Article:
“Sister, if you don’t mind I’ll be on my way,” he said, starting to stand. The loa moved her hand to his shoulder, squeezed.
“She was no use, but you could be,” she said, still. “You wanna come under my arm, hunted man? Show you a good time, find a girl who’s not as weak as this bitch.”
He smiled, stood.
“I’m sorry, sister,” he said. “I made a promise to a girl, and I’m not that bad a man.”
He walked out as the body slumped to the side.
The regulars quickly stopped coming to Roro’s.
Cursed, they’d say, talking about the place. Over his head, they’d say, talking about Roro.
They wouldn’t talk about Desamours, who’d taken to sitting at a table outside of the cafe, smoking and reading the racing form, coco macaque in the seat next to him.
The regulars saw him lay out playing cards, burn cigars, spill rum under his seat and toss scraps to an old, blind back-alley mongrel that slept under the table. Roro brought him cup after cup of coffee, ran errands for him, shrugged and grinned and rubbed the back of his neck.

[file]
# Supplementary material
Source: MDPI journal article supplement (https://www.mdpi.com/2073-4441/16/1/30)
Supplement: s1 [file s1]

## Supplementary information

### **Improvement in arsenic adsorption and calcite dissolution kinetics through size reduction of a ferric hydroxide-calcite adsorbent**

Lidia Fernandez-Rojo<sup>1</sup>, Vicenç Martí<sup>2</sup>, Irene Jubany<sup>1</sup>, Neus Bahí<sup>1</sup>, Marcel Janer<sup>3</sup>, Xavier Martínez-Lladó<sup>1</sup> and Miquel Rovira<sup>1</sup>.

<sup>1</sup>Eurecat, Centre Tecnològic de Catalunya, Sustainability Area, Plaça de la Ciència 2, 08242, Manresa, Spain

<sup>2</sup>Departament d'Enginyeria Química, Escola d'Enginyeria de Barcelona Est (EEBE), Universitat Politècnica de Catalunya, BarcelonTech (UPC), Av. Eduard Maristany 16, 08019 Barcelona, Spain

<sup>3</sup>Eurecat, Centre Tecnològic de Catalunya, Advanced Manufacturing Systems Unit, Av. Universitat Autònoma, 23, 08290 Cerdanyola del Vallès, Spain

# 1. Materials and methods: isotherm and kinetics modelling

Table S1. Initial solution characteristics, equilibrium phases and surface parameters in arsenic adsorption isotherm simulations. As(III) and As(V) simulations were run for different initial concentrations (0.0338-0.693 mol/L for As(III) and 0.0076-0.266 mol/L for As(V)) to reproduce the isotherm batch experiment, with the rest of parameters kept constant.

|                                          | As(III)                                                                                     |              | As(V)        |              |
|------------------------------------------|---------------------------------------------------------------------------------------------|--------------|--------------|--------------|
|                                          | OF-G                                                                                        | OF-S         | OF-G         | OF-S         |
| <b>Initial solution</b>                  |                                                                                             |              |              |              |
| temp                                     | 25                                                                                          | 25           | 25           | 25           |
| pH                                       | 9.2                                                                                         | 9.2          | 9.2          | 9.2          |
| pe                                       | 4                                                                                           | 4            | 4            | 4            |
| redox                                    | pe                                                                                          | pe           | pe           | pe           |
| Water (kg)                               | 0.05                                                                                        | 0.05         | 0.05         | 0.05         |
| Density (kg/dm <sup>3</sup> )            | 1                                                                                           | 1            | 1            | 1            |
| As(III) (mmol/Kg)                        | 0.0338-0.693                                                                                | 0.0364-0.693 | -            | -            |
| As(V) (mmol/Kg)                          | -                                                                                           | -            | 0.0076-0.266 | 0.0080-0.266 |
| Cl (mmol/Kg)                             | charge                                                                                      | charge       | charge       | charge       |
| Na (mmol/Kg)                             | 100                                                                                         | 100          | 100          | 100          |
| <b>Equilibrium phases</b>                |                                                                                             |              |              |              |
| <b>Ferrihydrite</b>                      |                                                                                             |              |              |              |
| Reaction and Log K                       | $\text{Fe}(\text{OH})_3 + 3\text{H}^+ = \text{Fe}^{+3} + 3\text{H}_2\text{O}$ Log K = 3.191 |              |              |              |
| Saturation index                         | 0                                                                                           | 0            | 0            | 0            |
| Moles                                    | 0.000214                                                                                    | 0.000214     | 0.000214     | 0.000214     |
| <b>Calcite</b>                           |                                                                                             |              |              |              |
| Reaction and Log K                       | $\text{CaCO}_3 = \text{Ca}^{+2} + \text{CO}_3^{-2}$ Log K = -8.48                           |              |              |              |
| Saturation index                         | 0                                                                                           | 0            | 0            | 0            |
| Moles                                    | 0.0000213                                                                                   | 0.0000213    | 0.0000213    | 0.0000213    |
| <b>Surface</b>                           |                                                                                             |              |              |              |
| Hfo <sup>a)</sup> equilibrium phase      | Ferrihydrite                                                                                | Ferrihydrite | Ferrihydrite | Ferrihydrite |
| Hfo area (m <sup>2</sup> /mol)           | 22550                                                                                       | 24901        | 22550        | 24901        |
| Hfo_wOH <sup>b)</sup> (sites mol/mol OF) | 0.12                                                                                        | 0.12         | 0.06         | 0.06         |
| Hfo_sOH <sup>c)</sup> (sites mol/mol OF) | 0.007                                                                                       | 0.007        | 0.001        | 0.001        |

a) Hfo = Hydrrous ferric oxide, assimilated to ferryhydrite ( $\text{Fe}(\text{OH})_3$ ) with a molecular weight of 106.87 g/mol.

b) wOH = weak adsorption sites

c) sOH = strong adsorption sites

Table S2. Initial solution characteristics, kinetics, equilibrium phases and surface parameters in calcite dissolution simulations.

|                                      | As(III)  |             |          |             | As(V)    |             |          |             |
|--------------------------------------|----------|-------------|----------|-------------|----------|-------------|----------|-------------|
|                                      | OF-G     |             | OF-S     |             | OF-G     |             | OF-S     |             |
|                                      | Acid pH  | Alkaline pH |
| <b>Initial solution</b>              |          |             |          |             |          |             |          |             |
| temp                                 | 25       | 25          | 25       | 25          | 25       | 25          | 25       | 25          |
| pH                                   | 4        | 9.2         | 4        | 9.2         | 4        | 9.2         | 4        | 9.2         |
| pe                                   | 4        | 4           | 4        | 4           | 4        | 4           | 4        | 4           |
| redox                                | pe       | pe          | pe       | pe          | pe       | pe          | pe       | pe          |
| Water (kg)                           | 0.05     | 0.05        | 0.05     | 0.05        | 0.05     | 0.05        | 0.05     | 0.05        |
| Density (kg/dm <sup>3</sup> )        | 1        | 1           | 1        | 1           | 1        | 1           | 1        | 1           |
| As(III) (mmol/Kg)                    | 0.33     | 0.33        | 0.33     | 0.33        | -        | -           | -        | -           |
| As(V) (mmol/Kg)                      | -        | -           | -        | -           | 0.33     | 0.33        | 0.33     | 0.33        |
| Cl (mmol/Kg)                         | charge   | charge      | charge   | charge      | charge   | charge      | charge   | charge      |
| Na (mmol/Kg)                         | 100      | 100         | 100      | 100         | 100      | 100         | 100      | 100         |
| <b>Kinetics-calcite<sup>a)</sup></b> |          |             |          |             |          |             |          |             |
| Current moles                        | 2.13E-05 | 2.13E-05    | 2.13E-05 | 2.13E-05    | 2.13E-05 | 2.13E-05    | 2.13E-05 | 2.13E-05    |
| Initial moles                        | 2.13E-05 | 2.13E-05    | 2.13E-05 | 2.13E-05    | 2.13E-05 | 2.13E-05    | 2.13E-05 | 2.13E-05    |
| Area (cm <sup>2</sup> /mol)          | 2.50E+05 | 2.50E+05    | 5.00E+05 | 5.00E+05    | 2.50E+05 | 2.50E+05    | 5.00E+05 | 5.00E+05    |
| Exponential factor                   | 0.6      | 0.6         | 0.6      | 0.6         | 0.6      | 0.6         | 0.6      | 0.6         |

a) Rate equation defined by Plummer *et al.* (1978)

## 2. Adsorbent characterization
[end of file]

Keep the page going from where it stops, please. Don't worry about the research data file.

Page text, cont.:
Poor Roro, they’d say. In over his head.
The bokor was following his PO’s advice. Routine helped with the transition. He’d rebuilt his old honfour in the basement, brought in a black goat and heard Ti-Jean Petro smacking his lips at the sacrifice. Roro was running the streets for him again, getting the lay of the land, trying to get Bebe’s scent. The readings grew increasingly ordered as the days progressed as word began to spread that Narcisse Desamours was open for business.
Staking a claim. Starting shit. Raising heat.